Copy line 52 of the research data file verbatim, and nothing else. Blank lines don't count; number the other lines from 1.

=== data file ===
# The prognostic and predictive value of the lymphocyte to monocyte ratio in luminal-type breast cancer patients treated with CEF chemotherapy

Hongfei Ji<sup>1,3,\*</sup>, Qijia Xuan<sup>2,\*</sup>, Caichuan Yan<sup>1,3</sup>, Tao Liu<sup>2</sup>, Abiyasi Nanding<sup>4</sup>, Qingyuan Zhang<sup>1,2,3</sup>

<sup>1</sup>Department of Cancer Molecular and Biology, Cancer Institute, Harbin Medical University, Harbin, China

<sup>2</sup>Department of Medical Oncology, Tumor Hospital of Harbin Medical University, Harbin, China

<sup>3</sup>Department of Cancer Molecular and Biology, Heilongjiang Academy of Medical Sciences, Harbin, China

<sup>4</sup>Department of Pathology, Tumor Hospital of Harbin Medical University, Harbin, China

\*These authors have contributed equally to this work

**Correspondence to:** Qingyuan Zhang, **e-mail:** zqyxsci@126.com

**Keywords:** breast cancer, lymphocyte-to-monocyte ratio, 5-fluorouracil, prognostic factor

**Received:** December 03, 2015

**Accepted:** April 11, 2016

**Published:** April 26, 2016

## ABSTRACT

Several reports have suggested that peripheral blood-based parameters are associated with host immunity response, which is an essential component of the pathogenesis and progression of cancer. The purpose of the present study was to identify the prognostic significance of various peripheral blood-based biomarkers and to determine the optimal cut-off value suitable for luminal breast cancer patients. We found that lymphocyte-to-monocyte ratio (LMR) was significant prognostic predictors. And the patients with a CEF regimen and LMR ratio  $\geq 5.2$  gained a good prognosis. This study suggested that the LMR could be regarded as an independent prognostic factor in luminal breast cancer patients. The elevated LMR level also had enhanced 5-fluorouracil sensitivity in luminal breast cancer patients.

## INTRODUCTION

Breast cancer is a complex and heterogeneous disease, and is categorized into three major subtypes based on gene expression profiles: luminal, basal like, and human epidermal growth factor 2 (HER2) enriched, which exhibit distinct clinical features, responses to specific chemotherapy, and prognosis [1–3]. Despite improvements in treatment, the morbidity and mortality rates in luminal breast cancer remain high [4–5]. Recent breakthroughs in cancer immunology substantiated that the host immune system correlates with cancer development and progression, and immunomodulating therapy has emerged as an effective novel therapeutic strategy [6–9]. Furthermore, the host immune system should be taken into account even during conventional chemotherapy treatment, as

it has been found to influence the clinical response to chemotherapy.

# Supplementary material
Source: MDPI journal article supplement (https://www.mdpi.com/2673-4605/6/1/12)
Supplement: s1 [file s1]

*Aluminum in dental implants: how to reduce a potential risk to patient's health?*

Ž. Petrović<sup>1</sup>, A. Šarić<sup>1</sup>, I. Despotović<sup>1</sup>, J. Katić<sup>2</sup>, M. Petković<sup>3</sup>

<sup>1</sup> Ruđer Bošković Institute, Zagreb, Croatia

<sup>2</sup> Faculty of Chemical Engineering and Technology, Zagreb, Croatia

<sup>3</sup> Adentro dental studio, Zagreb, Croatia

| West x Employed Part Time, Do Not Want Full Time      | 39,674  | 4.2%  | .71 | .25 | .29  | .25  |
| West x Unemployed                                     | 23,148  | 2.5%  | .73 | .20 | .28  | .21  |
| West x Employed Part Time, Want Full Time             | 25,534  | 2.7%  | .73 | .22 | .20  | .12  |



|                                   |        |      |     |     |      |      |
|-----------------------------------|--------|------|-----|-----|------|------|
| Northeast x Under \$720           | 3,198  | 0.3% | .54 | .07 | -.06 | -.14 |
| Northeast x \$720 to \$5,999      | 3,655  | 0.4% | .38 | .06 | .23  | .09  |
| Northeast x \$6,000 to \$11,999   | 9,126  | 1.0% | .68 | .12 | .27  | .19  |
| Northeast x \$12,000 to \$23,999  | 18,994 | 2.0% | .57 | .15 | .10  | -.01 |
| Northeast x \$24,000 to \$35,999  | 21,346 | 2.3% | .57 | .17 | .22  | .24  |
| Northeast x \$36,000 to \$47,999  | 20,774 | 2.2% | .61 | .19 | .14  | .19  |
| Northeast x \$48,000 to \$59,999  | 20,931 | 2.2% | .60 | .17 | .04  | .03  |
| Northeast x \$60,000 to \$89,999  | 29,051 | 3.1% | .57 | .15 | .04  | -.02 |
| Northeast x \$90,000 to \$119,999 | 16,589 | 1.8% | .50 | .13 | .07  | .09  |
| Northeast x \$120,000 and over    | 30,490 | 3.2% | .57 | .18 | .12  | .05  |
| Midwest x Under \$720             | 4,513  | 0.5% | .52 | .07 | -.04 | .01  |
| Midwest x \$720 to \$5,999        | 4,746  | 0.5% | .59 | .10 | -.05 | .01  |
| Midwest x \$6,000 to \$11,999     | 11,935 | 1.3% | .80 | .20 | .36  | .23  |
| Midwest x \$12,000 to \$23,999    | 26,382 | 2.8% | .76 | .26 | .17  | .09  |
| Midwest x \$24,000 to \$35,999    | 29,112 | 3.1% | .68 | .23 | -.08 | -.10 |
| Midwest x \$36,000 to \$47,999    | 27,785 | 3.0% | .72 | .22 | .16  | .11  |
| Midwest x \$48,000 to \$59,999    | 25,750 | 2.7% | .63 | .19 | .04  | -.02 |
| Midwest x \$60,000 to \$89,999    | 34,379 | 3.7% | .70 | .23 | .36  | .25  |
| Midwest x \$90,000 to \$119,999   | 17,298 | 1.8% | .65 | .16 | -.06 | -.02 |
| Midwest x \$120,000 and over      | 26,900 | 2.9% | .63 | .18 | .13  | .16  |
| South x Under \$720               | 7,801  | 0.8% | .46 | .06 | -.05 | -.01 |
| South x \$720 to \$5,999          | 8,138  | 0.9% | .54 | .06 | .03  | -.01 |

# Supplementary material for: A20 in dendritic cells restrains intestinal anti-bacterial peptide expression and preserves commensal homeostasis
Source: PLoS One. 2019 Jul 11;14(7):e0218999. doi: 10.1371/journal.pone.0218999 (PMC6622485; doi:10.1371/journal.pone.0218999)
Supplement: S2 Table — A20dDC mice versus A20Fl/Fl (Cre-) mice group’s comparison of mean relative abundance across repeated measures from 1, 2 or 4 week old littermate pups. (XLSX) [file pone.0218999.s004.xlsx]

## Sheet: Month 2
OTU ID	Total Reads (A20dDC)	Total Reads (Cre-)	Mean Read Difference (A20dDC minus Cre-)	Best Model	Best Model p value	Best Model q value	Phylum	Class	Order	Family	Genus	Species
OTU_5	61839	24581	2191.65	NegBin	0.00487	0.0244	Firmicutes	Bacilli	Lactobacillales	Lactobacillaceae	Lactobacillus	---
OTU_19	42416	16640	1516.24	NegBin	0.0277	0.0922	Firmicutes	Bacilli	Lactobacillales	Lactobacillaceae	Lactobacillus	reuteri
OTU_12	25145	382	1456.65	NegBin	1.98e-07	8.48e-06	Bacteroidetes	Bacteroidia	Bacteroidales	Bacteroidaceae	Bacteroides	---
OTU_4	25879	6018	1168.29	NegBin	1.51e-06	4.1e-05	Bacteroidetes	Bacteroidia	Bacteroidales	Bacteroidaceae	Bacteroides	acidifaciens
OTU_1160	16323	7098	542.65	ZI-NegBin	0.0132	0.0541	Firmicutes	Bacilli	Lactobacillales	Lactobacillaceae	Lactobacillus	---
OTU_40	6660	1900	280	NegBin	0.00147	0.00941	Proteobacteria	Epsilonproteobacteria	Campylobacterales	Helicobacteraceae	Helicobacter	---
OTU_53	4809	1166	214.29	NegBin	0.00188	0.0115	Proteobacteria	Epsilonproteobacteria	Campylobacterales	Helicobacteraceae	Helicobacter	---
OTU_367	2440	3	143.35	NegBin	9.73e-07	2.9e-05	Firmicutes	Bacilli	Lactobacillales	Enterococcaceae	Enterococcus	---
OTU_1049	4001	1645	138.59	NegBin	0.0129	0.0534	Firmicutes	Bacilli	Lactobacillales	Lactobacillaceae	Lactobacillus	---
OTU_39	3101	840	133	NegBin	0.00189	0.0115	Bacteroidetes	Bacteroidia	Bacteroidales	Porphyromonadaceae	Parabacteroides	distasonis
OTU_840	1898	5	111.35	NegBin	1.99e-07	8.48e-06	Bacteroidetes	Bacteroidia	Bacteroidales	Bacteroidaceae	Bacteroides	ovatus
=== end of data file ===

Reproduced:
| South x \$720 to \$5,999          | 8,138  | 0.9% | .54 | .06 | .03  | -.01 |